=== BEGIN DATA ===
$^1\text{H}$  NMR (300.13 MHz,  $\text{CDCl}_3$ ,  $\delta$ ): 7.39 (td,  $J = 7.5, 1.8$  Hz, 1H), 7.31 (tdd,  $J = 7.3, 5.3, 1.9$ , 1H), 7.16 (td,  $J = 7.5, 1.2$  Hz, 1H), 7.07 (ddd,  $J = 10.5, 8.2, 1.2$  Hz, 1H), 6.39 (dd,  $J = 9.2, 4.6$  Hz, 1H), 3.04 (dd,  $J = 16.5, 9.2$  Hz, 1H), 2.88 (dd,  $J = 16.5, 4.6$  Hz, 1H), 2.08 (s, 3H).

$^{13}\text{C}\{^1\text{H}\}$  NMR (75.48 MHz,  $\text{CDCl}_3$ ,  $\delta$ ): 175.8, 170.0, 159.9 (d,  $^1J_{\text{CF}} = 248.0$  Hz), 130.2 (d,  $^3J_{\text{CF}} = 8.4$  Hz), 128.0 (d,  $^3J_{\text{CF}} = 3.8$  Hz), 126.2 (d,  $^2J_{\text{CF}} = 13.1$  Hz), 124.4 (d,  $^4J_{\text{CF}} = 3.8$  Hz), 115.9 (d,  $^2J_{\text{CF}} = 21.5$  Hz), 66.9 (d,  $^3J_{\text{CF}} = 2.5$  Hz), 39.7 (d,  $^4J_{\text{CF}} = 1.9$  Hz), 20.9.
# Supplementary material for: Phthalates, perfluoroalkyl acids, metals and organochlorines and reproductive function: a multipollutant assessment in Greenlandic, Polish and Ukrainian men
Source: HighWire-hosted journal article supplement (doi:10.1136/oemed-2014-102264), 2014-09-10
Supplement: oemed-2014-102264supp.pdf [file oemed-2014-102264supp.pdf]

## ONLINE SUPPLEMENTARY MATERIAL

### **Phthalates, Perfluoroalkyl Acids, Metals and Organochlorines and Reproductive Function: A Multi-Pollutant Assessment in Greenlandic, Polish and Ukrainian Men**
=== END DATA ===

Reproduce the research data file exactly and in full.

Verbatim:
$^1\text{H}$  NMR (300.13 MHz,  $\text{CDCl}_3$ ,  $\delta$ ): 7.39 (td,  $J = 7.5, 1.8$  Hz, 1H), 7.31 (tdd,  $J = 7.3, 5.3, 1.9$ , 1H), 7.16 (td,  $J = 7.5, 1.2$  Hz, 1H), 7.07 (ddd,  $J = 10.5, 8.2, 1.2$  Hz, 1H), 6.39 (dd,  $J = 9.2, 4.6$  Hz, 1H), 3.04 (dd,  $J = 16.5, 9.2$  Hz, 1H), 2.88 (dd,  $J = 16.5, 4.6$  Hz, 1H), 2.08 (s, 3H).

$^{13}\text{C}\{^1\text{H}\}$  NMR (75.48 MHz,  $\text{CDCl}_3$ ,  $\delta$ ): 175.8, 170.0, 159.9 (d,  $^1J_{\text{CF}} = 248.0$  Hz), 130.2 (d,  $^3J_{\text{CF}} = 8.4$  Hz), 128.0 (d,  $^3J_{\text{CF}} = 3.8$  Hz), 126.2 (d,  $^2J_{\text{CF}} = 13.1$  Hz), 124.4 (d,  $^4J_{\text{CF}} = 3.8$  Hz), 115.9 (d,  $^2J_{\text{CF}} = 21.5$  Hz), 66.9 (d,  $^3J_{\text{CF}} = 2.5$  Hz), 39.7 (d,  $^4J_{\text{CF}} = 1.9$  Hz), 20.9.
# Supplementary material for: Phthalates, perfluoroalkyl acids, metals and organochlorines and reproductive function: a multipollutant assessment in Greenlandic, Polish and Ukrainian men
Source: HighWire-hosted journal article supplement (doi:10.1136/oemed-2014-102264), 2014-09-10
Supplement: oemed-2014-102264supp.pdf [file oemed-2014-102264supp.pdf]

## ONLINE SUPPLEMENTARY MATERIAL

### **Phthalates, Perfluoroalkyl Acids, Metals and Organochlorines and Reproductive Function: A Multi-Pollutant Assessment in Greenlandic, Polish and Ukrainian Men**